Wizards Players Talk; Arenas, Coach Meet

By Ivan Carter
Washington Post Staff Writer
Tuesday, February 13, 2007

The Washington Wizards held their first players-only meeting of the season yesterday and Coach Eddie Jordan met separately with guard Gilbert Arenas to clear the air as the team sought to regroup in the aftermath of a humiliating 21-point loss to the Portland Trail Blazers that ended with Jordan and his star guard criticizing each other through the media.

Injured forward Antawn Jamison, who has missed five games with a left knee sprain, said he took Arenas aside Sunday and rebuked him for remarks in which he blamed the loss on Jordan's pregame emphasis on defense.

"Oh, I talked to him," Jamison said yesterday. "It's like a little brother. Every now and then you have to spank 'em on the [rear]. I put him in the closet and gave him a whipping last night."

Jamison, the team captain who has watched the Wizards lose four of five games since he was injured, said Arenas told him he had spoken out of frustration. Arenas finished the game with nine points after predicting he would score 50.

"It didn't have anything to do with him not scoring a bunch of points, it's just the losing and lately we haven't been playing the way we're capable of playing with me out," Jamison said. "He made some mistakes and he's going to do everything possible to patch things up and go out there and start producing on the court."

Arenas told reporters immediately after the Trail Blazers' game that Jordan had pulled players off the court too quickly when they were beaten defensively and that the Wizards had lost their "identity." Told of the remarks, Jordan called the criticism "ludicrous" and criticized Arenas's leadership skills.

Arenas, who will be making his first start in the NBA All-Star Game in Las Vegas on Sunday, declined requests to talk to the media yesterday, team officials said.

Jordan said he met with Arenas privately and the two viewed tape of Sunday's loss so that Jordan could illustrate the points he wanted to make about why the Wizards had struggled.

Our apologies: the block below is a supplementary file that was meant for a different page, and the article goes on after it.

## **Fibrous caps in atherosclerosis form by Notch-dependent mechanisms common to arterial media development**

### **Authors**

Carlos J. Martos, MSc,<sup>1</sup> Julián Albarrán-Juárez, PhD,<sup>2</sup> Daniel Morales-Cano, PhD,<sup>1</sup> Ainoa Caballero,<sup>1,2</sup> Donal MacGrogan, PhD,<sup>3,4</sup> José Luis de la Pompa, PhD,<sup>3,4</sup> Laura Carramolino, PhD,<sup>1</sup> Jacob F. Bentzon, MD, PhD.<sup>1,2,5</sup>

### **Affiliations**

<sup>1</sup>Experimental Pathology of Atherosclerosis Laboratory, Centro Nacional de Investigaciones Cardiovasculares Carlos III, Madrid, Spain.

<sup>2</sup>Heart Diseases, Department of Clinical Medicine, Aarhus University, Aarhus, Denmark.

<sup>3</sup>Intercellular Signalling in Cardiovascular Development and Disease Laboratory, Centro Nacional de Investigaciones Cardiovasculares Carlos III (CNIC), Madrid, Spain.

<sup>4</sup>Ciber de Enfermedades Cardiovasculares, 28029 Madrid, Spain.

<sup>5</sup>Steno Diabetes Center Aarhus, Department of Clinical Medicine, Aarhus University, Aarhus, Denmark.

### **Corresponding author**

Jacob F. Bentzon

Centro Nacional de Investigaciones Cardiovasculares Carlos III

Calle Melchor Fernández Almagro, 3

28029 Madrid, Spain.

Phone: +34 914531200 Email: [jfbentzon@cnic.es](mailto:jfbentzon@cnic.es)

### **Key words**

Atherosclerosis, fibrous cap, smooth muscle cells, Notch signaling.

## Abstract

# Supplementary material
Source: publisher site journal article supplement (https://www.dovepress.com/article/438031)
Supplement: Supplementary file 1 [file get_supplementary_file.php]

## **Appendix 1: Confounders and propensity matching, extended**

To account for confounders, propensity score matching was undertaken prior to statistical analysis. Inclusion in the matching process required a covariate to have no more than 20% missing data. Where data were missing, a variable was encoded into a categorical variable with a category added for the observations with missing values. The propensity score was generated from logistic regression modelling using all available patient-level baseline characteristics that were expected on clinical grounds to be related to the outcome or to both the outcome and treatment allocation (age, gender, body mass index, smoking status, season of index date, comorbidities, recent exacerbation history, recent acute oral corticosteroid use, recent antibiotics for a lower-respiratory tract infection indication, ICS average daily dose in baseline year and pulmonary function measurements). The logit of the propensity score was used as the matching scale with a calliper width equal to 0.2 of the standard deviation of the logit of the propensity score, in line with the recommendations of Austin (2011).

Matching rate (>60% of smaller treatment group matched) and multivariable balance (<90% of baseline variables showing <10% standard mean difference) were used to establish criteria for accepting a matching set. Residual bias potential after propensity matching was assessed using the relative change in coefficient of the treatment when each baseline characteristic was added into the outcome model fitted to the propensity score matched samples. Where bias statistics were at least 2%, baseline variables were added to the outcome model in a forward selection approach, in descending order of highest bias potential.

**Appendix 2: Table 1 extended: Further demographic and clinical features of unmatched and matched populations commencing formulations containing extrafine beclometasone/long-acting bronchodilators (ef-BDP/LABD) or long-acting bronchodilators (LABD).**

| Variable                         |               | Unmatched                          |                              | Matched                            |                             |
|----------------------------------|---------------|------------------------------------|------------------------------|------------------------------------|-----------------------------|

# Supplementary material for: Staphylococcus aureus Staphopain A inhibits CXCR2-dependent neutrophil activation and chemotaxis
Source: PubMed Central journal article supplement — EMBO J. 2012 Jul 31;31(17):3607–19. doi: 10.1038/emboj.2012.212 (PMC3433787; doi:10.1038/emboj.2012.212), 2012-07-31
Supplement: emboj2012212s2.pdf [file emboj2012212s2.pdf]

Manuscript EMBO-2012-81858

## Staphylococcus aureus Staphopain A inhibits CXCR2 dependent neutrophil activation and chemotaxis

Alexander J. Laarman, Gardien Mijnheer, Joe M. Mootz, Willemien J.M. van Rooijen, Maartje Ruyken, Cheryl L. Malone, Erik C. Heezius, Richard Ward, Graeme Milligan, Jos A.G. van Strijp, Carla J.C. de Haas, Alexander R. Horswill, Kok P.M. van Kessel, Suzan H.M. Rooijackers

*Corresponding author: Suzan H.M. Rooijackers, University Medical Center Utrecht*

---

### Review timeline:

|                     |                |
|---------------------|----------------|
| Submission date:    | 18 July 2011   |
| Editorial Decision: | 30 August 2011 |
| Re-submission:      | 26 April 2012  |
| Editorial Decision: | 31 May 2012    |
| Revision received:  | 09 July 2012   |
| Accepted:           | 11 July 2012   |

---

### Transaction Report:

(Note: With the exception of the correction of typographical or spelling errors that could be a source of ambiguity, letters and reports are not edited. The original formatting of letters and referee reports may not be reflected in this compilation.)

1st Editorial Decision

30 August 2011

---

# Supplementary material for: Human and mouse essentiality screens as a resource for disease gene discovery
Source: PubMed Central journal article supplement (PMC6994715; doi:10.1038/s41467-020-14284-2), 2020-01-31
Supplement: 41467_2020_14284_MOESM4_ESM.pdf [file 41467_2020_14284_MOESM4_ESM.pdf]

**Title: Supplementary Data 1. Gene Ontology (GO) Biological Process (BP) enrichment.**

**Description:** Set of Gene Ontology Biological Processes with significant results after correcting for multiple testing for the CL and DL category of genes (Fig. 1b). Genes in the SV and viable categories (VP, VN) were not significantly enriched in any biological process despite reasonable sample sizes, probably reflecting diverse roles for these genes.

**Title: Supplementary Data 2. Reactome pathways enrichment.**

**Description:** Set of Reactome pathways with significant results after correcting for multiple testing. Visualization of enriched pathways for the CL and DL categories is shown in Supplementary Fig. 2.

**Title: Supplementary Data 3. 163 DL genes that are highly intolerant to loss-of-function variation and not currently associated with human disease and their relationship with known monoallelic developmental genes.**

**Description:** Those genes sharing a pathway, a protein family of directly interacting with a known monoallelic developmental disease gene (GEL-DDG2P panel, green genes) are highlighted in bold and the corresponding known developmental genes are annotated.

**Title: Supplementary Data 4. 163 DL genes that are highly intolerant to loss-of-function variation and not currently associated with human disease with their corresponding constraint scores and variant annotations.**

"It was important that Gil and I get together and talk and things are very, very positive," Jordan said. "Gil and I have been together for a long time and we've had some ups and downs. Mostly, the downs were early in his career here. We've been very much on the same page until you guys got him riled up last night."

The team also has been forced to handle the distraction caused by a fight at practice on Friday between centers Brendan Haywood and Etan Thomas. Thomas received a two-game suspension for the fight, the third known clash between the two in the past two seasons.

Jordan addressed the leadership issue again yesterday and said he did not regret the comments he made Sunday. "No, I stand by it," Jordan said. "Absolutely. Leadership is very special, whether you are the president of the United States or the captain of a basketball team or the CEO of company. It takes a very special person to be that. I know I am the coach but certainly for every team, you need a team leader. Antawn possesses all of those qualities. He keeps people together."

Togetherness was the main issue discussed during yesterday's players-only meeting, according to several players. Forward Caron Butler said he stressed the need to get back to "having fun" and guard Antonio Daniels said he talked about the need for players to "be fans of one another."

"All we need to do as a team is look at ourselves first," Daniels said. "If we can point the finger at ourselves and worry about what we can do to improve ourselves individually, it will make our team a lot better."

Wizards President of Basketball Operations Ernie Grunfeld attended yesterday's practice and said Sunday's events were the product of frustration that has built up through losing.

"In the heat of the moment, a lot of things get said," Grunfeld said. "It's always frustrating when the team is not playing as well as you'd like it to play, but Gil's won a lot of games for us and he'll continue to win a lot of games for us. "

Jamison, who was in Golden State when Arenas was a rookie with the team in 2001, insisted that his "younger brother" hasn't slipped back into a pattern of immature behavior that made him a mercurial figure with the Warriors.

"No, I wouldn't say that," Jamison said. "The guy's taken too many steps forward to say that it was a step back to those days. Not at all. He just has to understand that no matter what he says or what he does, he's one of the most well-known basketball players in the NBA. And no matter what is said and done, he's under a microscope and he has to be more cautious and definitely choose what comes out of his mouth. "

© 2007 The Washington Post Company